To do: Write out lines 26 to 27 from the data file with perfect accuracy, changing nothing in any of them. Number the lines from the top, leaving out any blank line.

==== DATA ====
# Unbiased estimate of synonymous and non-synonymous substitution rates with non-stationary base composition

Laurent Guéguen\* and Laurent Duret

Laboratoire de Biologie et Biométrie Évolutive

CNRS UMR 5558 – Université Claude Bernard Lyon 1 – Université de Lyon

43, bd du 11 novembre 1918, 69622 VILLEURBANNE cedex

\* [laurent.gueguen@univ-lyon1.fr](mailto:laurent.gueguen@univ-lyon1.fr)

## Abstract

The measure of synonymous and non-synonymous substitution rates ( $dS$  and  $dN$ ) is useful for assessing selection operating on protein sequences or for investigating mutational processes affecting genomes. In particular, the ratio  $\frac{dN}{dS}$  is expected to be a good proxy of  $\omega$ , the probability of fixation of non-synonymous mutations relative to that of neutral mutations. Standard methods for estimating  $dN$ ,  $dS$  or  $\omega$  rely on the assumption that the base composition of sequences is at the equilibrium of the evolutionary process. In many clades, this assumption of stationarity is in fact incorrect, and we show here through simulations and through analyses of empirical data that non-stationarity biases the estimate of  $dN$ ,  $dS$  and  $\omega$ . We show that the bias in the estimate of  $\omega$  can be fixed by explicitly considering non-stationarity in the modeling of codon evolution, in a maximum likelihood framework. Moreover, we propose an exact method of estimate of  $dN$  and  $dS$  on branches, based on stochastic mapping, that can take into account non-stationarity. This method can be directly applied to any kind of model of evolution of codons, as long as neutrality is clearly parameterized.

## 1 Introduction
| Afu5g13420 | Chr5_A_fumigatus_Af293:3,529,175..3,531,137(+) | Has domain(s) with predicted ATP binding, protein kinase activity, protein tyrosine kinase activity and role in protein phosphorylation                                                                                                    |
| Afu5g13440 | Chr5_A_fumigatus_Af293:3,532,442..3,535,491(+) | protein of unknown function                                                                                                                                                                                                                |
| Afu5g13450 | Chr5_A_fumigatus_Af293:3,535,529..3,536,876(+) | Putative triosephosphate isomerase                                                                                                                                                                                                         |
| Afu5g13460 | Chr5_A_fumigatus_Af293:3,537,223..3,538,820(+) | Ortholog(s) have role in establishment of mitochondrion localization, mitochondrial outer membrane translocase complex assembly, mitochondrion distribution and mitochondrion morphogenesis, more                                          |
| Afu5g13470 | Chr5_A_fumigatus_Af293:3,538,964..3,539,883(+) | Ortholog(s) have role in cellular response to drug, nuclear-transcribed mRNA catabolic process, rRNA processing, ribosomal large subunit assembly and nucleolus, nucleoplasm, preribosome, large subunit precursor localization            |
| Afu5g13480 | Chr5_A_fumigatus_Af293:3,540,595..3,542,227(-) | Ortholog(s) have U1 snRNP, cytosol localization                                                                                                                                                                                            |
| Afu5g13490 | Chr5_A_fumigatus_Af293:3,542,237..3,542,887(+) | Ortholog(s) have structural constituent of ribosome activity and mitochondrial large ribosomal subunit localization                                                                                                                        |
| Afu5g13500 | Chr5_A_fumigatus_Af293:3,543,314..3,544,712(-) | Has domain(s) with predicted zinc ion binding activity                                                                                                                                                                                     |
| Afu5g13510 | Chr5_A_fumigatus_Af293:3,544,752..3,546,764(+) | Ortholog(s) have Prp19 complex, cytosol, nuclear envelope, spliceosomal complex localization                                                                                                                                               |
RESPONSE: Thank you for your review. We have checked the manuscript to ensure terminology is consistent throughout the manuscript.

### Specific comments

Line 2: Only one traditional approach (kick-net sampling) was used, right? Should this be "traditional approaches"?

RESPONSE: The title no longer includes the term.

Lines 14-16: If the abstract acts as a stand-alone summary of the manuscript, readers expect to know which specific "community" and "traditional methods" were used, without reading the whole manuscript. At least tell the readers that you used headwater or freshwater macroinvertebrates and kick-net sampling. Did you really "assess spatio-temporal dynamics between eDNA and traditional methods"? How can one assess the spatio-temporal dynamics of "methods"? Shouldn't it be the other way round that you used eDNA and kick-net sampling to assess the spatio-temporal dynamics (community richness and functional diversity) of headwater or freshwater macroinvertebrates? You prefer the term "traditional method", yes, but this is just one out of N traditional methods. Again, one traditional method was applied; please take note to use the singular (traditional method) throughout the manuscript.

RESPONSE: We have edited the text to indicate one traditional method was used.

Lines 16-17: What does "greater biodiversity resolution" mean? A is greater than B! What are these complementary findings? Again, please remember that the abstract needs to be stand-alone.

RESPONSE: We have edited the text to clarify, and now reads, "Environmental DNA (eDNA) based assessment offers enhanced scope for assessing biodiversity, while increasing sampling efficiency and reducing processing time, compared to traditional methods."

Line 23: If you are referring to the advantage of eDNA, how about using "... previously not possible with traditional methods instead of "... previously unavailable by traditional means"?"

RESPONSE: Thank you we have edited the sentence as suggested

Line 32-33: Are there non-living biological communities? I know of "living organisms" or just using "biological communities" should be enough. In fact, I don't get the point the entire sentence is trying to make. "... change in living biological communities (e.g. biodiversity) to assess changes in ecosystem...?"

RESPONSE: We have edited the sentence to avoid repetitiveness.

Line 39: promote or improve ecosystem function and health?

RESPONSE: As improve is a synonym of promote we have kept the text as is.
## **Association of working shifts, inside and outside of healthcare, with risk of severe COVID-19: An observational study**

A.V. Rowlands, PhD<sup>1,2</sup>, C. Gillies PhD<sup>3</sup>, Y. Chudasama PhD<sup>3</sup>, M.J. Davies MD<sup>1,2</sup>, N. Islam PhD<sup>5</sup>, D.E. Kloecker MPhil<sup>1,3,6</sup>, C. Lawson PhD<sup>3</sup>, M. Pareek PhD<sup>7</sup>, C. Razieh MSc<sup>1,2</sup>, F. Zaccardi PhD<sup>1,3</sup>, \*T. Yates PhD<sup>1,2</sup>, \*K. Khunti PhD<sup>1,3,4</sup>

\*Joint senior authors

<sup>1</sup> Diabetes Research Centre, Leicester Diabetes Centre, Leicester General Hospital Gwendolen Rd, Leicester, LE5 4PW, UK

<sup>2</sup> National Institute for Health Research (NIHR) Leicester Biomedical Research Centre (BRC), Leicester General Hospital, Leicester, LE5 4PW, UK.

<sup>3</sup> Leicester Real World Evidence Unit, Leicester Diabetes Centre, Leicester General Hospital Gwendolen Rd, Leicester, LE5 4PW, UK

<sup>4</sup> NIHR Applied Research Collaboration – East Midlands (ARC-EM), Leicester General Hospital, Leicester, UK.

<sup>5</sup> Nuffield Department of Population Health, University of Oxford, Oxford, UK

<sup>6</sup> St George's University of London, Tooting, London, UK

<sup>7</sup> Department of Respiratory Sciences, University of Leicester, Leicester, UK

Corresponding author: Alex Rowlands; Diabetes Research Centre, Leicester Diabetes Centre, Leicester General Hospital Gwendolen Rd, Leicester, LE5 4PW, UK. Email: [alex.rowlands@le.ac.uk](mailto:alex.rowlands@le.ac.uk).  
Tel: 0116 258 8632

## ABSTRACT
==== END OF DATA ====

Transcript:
RESPONSE: We have edited the text to clarify, and now reads, "Environmental DNA (eDNA) based assessment offers enhanced scope for assessing biodiversity, while increasing sampling efficiency and reducing processing time, compared to traditional methods."

Line 23: If you are referring to the advantage of eDNA, how about using "... previously not possible with traditional methods instead of "... previously unavailable by traditional means"?"